over German military positions. The message commanded German troops to lay down their weapons and informed
them that their declining economy could not withstand a protracted war. Needless to say, it was a futile and cowardly
response. Subsequent action was equally ineffective: a British Expeditionary Force was sent to join the French
troops already posted along the Maginot Line facing German troops dug in on the other side. This military farce
came to be known as the Phoney War. Britain and France kept busy over the next several months bombing the
Siegfried Line and conducting pointless raids into No-Man's Land.
The Polish people had been ready for the German invasion. The Mayor of Warsaw, Starzynski, called upon the
citizens of Warsaw to set up blockades, dig trenches, and arm themselves against the Germans. The Poles were far
outnumbered, but their fighting spirit more than made up for it. A German officer who had witnessed the attack
reported that the Poles ... " did not come forward with their heads down like men in heavy rain...and most
attacking infantry come on like that...but they advanced with their heads held high like swimmers
breasting the waves. They did not falter."
Germany carried out its policy of Lebensraum with ruthless efficiency. They systematically eliminated the Polish
intelligentsia, but soon victimized all Poles who might resist the German occupation. Poland was slated for extinction,
and its territory taken over by incoming German settlers. Hans Frank, the Governor of the General Gouvernement of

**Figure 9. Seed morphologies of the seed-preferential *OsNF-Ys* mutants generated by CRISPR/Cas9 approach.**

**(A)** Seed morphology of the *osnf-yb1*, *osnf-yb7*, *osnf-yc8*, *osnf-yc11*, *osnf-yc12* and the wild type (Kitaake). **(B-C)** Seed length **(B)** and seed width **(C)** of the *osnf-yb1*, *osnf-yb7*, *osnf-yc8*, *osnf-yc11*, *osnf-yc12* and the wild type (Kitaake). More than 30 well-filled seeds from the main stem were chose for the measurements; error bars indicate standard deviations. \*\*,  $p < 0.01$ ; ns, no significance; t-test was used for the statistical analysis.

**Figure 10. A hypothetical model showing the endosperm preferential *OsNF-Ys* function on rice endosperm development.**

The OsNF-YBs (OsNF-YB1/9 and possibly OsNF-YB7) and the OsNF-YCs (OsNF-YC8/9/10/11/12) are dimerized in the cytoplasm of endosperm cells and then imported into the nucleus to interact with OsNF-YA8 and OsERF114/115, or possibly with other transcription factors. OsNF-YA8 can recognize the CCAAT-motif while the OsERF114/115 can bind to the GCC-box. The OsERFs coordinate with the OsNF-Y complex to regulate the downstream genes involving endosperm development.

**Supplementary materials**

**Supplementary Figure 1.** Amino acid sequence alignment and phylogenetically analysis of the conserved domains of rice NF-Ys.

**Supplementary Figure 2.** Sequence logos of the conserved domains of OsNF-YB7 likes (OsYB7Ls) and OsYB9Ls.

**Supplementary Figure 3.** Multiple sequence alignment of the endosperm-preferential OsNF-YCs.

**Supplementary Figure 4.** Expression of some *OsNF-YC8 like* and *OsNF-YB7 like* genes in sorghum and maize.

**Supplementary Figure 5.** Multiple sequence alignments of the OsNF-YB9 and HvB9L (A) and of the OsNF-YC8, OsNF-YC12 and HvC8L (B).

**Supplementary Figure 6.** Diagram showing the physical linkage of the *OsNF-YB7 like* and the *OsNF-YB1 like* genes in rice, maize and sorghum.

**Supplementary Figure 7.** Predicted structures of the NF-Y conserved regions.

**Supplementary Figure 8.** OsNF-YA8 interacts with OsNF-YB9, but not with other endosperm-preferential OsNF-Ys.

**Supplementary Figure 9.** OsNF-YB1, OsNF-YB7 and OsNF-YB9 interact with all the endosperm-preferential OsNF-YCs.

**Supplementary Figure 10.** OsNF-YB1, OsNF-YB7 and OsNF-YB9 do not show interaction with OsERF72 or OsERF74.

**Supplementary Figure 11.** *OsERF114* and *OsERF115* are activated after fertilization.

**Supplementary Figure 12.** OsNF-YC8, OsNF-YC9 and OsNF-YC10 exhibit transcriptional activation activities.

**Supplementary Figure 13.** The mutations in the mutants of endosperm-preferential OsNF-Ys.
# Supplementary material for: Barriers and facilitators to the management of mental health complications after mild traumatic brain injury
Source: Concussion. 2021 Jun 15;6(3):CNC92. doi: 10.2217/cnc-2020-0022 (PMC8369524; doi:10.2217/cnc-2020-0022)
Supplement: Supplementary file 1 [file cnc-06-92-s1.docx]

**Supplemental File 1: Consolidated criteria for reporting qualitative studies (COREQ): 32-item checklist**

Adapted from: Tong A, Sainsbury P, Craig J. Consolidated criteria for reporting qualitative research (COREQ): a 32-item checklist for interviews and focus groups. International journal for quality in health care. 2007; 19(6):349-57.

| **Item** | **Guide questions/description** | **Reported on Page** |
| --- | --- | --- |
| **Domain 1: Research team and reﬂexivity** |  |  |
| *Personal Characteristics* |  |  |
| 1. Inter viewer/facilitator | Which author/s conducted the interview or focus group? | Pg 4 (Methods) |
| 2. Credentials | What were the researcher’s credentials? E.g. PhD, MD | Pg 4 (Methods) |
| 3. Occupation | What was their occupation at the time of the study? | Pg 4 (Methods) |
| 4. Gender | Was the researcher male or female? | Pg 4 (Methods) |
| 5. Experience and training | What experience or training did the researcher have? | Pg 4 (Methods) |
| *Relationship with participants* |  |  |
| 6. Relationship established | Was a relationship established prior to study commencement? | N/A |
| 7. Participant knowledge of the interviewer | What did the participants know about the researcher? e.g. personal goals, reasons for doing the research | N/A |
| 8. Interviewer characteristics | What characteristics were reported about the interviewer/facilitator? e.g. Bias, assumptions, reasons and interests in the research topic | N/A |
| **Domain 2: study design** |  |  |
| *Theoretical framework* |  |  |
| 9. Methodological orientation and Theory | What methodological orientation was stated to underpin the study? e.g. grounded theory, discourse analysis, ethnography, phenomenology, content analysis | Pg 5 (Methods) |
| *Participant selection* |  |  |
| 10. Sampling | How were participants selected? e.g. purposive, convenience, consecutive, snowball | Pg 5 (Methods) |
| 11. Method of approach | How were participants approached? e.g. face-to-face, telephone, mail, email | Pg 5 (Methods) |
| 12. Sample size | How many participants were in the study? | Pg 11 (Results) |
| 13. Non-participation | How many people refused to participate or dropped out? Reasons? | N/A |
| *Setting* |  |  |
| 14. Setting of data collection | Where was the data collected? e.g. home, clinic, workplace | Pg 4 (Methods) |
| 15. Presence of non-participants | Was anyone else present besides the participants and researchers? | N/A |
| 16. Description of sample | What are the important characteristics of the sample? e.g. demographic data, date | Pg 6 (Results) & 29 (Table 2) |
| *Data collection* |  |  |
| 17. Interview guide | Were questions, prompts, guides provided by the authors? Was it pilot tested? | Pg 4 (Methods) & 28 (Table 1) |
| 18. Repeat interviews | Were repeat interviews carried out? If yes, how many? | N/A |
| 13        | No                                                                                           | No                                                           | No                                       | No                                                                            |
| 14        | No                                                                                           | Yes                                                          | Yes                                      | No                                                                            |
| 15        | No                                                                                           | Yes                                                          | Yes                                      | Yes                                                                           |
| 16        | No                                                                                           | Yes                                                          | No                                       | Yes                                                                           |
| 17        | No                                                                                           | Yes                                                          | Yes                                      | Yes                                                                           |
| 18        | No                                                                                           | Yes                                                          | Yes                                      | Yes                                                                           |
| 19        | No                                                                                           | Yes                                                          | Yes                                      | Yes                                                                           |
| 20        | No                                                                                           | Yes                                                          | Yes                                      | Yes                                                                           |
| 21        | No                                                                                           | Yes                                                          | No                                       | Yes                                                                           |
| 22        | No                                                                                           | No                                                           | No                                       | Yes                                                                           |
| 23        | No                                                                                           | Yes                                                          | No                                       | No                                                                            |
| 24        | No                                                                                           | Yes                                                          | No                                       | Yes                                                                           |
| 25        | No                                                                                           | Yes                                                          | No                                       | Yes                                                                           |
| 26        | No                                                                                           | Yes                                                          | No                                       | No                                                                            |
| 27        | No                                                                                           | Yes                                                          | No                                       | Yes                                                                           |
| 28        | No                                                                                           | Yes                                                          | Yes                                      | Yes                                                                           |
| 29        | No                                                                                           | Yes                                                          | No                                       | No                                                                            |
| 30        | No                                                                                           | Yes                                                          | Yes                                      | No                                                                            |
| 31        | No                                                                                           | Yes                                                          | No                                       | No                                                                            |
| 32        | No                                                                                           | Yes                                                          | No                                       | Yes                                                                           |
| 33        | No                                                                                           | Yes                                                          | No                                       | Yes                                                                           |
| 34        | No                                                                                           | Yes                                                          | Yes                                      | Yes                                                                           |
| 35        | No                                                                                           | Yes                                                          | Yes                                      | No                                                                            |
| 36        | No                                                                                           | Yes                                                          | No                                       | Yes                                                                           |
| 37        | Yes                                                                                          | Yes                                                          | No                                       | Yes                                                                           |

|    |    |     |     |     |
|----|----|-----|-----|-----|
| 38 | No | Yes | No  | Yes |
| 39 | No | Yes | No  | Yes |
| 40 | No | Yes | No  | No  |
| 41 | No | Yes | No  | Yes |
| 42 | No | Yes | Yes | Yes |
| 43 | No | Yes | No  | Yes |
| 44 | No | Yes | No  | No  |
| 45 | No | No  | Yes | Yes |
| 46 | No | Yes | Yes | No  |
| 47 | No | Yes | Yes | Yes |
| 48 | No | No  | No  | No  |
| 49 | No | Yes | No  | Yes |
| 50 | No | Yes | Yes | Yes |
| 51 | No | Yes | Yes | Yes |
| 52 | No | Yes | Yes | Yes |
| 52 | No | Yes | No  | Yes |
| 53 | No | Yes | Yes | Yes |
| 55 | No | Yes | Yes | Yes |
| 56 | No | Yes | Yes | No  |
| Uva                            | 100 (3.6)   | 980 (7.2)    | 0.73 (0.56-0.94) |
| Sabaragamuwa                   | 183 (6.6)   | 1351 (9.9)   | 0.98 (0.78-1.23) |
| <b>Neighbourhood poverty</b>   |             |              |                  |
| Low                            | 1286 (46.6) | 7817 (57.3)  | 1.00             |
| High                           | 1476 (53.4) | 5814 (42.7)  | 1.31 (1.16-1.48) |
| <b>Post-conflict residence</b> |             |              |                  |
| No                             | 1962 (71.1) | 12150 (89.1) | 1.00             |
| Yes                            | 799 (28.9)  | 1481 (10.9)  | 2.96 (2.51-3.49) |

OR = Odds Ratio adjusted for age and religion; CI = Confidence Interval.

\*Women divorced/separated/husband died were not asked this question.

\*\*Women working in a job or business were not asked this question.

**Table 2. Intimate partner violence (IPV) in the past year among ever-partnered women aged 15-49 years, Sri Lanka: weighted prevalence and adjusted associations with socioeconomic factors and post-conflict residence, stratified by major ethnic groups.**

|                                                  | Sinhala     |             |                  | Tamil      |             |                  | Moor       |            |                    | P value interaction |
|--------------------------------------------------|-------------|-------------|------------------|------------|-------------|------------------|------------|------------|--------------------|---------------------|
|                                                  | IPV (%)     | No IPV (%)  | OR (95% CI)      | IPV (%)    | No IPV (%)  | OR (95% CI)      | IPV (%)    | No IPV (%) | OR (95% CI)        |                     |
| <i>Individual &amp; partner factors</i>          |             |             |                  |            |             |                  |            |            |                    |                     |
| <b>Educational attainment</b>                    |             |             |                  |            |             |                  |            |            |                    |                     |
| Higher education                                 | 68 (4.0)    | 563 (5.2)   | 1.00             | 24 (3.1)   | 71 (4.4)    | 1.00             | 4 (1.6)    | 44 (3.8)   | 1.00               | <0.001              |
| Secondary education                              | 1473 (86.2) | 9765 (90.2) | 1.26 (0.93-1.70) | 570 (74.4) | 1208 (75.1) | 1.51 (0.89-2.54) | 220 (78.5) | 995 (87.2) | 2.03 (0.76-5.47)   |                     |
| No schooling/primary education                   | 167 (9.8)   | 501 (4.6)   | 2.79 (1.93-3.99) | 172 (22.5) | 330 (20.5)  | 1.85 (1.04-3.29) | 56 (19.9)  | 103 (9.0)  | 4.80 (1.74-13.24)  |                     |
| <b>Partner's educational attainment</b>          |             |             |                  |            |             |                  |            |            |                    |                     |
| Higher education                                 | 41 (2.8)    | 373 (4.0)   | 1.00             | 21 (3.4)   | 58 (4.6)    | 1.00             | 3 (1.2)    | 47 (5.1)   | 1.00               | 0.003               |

central Poland made this declaration: "I frankly admit that it will cost the lives of some thousand of Poles,
particularly of the intellectual leaders of Poland. In these times we, as National Socialists, are bound to
ensure that no further resistance is offered by the Polish people...(they) must be liquidated."
By the end of the war over three million Poles had been murdered by the Nazis. Hitlers plan was to allow only a small
colony of Poles to survive which would be relegated to a life of servitude to the German people. Poles were deported
to central Poland, (the General Gouvernement) which was, in fact one large penal colony.
"All Poles will disappear from the world....It is essential that the great German people
should consider it as its major task to destroy all Poles." (Hitler)
Germany established over 2,000 concentration camps throughout Poland. Separate camps were allotted to Polish
Christians, to Polish Jews, as well as to women, and children. The largest concentration camp, Auschwitz
(Oswiciem, in Polish) was originally intended only for Poles, who were its first interns. Thousands were singled out
for the most bestial of treatment. Polish men were castrated, and sent to the gas chambers.
During the September Campaign the Germans had used twice the ammunition to bomb Poland than the combined
artillery used against France and England. But the Poles were able to inflict considerable damage to Germany's war
machine. They succeeded in destroying 33% of German armored cars and 25% of German aircraft, an impressive
accomplishment for a nation so outnumbered by the enemy.
On September 17, the Red Army invaded Poland from the east. Like the Germans, their plan was to systemically
drain from Poland all people of value to the nation. It amounted to a political and social beheading of a nation. The